In today’s marketplace, steel and aluminum are the most common wheel materials. Steel wheels are made in two pieces. The inner piece, which is called the center, bolts on to the car. The outer piece is known as a barrel and receives the tire. The two pieces are welded together to form the wheel. Many original equipment wheels on entry level trim packages are made this way. Steel is durable, inexpensive, and easy to repair. For these reasons, it has remained a popular material for wheel manufacturing. The other material, aluminum, is by far the most popular type of wheel we sell. Its lightweight, has superior heat dissipation, and seemingly endless design variations making it the material of choice for most buyers. Aluminum wheels can be manufactured in many ways, and each method offers advantages.
One-Piece Cast Wheels
Pouring molten aluminum into a mold creates a cast wheel. The metal then takes the mold’s shape as it cools and hardens. There are three types of casting methods: low pressure/gravity, counter pressure, and high counter pressure molding (HCM). Each method has its place in today’s market. A wheel manufacturer will select a particular method according to the weight, strength, and finish that they have specified for that design. Naturally, the more sophisticated and costly methods produce lighter and stronger wheels but at a higher price.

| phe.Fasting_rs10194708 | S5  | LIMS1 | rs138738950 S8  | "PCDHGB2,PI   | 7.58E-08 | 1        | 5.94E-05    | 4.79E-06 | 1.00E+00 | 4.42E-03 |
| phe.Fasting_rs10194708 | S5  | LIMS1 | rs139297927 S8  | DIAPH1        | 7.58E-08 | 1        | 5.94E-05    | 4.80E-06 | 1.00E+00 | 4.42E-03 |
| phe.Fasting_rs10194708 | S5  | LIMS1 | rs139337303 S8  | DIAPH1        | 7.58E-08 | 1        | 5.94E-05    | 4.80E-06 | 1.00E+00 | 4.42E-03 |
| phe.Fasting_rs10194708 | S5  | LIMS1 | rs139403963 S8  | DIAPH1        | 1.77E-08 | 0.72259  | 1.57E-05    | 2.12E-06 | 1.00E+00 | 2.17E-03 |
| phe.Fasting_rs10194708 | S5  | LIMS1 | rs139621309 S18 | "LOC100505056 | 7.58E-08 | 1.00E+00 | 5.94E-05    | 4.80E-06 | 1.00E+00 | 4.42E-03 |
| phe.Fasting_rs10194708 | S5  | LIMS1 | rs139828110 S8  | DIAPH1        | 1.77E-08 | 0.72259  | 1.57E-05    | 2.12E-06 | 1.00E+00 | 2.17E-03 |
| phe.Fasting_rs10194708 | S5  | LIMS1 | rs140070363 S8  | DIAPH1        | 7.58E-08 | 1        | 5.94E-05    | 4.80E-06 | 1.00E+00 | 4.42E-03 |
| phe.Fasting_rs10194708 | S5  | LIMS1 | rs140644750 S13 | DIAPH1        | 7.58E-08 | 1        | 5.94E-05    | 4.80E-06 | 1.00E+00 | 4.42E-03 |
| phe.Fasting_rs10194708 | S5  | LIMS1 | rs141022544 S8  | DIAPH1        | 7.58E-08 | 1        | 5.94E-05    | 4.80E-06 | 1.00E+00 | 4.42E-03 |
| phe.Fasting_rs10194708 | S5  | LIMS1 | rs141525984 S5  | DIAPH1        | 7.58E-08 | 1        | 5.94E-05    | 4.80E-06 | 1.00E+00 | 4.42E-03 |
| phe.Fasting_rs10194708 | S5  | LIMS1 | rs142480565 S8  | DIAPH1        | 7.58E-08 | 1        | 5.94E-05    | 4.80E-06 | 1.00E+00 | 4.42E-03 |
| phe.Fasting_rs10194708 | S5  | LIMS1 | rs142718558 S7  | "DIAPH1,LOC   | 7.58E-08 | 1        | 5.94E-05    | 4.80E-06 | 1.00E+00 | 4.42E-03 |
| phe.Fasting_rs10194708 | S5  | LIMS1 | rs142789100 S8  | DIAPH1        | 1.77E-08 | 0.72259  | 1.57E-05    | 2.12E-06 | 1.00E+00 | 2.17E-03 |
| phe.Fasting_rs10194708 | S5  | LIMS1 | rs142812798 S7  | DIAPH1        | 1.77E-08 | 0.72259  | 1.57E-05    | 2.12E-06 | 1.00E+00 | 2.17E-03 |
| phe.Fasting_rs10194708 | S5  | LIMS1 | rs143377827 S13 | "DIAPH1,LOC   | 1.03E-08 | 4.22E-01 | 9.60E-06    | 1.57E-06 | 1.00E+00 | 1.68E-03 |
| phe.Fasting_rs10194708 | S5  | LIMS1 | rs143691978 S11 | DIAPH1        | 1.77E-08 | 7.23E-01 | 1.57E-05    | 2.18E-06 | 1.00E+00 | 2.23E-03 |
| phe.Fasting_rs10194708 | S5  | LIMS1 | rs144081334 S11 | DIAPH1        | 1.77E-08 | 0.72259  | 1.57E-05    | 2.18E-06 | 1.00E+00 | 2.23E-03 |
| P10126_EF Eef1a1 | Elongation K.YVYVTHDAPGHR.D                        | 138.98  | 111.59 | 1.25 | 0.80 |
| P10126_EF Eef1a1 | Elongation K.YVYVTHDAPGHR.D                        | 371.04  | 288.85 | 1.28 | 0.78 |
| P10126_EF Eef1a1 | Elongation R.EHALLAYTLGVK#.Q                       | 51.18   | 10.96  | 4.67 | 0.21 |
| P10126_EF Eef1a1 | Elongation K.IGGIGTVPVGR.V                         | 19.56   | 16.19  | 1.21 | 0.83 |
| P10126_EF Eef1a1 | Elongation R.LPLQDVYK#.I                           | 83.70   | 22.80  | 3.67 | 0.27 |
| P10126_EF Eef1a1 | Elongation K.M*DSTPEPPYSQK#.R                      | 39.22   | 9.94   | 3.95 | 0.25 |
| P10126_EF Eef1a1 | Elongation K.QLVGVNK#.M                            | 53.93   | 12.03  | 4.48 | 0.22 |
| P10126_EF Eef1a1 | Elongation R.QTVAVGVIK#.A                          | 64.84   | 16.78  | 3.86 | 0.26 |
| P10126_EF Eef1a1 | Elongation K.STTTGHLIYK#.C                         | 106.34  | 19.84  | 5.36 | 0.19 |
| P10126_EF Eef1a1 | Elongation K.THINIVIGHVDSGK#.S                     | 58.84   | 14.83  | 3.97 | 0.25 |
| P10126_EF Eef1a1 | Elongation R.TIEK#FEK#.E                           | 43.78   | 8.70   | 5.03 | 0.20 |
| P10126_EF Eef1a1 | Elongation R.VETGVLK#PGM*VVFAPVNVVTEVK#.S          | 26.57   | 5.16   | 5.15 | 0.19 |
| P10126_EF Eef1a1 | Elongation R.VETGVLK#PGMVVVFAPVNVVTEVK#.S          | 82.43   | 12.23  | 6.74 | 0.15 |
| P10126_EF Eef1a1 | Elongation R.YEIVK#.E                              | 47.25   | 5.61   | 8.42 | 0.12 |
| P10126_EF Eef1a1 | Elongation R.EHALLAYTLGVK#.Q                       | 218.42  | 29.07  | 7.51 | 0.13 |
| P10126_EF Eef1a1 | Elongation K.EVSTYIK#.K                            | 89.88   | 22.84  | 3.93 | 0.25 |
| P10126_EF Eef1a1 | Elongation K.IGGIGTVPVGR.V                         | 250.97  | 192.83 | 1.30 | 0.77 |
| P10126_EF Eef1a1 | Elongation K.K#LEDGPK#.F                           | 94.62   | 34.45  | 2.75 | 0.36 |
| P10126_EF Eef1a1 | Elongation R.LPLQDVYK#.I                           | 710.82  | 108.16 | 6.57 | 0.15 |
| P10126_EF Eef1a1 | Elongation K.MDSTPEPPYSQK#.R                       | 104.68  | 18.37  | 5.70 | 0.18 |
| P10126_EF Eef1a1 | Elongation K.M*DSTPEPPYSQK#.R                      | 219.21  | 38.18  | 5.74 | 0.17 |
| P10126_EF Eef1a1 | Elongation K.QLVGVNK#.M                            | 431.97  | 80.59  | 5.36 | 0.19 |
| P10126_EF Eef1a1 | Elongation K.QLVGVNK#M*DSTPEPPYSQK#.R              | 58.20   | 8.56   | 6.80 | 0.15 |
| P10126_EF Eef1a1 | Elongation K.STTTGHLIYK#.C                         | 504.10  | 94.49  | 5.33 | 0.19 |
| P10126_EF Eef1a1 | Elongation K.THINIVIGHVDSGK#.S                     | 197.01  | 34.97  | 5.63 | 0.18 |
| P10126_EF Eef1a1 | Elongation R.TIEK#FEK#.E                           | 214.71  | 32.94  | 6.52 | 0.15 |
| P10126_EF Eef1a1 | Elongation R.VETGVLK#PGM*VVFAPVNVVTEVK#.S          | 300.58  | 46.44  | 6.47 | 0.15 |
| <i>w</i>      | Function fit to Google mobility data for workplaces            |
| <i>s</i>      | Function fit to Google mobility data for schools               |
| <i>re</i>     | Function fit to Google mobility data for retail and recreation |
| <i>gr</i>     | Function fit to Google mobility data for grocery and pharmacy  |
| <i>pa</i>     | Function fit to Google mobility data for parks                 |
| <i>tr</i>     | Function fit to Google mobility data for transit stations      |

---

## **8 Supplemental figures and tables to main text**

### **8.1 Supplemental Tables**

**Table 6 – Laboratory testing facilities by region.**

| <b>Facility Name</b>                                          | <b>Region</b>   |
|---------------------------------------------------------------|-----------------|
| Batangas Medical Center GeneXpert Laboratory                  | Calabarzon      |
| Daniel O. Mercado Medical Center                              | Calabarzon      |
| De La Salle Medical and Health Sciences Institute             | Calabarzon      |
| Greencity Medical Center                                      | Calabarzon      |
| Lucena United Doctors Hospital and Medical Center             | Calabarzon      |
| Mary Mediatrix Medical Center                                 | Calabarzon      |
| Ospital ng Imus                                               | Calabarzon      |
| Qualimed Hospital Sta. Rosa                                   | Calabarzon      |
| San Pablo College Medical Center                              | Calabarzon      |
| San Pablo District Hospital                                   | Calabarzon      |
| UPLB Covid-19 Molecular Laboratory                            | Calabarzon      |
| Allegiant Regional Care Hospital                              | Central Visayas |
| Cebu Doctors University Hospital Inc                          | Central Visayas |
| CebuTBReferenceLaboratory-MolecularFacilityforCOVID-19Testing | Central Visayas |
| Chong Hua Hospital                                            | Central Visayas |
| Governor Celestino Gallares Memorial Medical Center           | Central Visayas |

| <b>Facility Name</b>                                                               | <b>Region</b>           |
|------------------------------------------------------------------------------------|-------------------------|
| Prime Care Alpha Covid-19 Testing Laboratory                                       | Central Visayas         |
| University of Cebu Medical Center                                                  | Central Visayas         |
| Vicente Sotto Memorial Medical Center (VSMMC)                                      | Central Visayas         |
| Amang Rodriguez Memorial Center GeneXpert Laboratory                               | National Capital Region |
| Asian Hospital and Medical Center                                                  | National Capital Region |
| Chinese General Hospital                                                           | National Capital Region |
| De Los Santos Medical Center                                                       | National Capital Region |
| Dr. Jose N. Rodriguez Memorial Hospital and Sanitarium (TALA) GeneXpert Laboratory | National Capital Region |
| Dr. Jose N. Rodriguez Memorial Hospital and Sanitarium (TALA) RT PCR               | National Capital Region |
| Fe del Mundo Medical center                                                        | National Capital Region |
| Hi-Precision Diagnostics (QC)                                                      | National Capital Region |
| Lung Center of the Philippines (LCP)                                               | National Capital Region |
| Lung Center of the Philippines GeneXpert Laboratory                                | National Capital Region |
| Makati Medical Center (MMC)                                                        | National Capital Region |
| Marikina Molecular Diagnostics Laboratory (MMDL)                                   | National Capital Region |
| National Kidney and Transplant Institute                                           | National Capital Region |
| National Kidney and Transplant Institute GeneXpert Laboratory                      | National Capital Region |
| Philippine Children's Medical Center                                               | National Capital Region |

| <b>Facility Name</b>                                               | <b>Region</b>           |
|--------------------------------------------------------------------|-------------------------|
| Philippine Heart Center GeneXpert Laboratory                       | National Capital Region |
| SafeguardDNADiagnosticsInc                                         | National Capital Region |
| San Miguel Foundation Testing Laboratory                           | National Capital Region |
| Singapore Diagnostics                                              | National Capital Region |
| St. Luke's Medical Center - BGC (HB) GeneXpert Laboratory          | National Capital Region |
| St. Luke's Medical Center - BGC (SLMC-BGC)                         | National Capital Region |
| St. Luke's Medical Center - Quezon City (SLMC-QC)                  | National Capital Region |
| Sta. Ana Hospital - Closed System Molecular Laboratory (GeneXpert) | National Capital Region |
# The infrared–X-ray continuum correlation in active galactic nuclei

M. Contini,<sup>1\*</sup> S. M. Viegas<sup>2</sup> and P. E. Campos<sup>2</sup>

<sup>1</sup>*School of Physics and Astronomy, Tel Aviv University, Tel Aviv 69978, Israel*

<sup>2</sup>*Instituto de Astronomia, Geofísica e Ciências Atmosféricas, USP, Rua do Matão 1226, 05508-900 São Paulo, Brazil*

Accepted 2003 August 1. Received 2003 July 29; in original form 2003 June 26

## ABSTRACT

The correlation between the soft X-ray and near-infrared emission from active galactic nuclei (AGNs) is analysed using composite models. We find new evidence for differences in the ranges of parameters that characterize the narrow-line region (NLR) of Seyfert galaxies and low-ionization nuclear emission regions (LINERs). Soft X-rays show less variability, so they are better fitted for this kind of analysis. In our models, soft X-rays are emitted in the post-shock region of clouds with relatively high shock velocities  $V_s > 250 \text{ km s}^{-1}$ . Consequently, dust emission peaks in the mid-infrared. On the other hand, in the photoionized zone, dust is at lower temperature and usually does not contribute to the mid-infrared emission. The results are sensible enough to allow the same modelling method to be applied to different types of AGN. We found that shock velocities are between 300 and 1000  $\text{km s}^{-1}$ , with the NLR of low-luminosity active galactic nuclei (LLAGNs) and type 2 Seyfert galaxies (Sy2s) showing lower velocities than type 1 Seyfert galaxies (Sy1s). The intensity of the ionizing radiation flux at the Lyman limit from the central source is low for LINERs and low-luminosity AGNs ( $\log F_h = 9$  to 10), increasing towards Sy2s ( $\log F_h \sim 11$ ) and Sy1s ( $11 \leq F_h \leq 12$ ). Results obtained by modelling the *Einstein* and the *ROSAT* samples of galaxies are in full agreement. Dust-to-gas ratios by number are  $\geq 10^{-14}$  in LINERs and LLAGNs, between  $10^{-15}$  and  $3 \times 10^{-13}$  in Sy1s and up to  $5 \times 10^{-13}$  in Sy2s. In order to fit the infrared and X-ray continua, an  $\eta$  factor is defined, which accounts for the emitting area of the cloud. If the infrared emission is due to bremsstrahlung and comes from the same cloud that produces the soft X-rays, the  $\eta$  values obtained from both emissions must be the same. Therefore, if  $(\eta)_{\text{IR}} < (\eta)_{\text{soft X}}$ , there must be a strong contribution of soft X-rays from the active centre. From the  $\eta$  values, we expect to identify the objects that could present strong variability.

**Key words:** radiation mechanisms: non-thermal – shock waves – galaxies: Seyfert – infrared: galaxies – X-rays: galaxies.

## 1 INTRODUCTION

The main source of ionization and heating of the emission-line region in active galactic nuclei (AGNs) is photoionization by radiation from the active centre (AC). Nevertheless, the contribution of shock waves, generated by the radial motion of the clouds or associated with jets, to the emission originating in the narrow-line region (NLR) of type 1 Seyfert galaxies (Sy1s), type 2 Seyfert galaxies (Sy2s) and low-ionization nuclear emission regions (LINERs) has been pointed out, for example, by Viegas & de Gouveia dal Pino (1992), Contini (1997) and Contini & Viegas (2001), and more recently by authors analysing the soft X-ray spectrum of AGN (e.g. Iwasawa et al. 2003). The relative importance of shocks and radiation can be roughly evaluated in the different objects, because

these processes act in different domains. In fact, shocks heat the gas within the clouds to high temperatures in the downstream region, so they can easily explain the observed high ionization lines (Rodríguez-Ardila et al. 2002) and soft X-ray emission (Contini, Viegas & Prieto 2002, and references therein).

Flow Formed Wheels
A Flow Formed wheel starts out the same as a cast wheel, but with a notable exception in the barrel. The barrel is spun, heated, and then pressed between steel rollers that pull the rim to its final width and shape. This creates a lighter and stronger rim compared to regular cast wheels, but without the expense of a forged wheel.
Forged / Billet Wheels
The two words “forged” and “billet” have become synonymous. However, the manufacturing process is called forging, while the material used is a billet. Billet is the term used for a solid piece of dense aluminum. The forge, a huge machine that exerts thousands of pounds of pressure on the metal, basically presses or rolls the billet into its fundamental form. This forging is then machined to a final finish. This process allows wheels to be built with much less material. This results in lighter weight and unique designs because the process creates a much stronger wheel than other methods.
The processes mentioned above can be combined to produce a wheel of a particular strength and weight at a particular price. For example, some wheels have a cast aluminum center, welded to a rolled outer (extruded aluminum rolled into a hoop). Another type of two-piece construction features a billet center welded to a rolled outer (extruded aluminum rolled into a hoop). Other wheels feature a split outer so that widths and offsets can be made to custom specifications. This last method is the three-piece type of construction. In this type of wheel, the center can be cast, billet or forged, and is usually attached to the outer assembly by bolts, either exposed or hidden.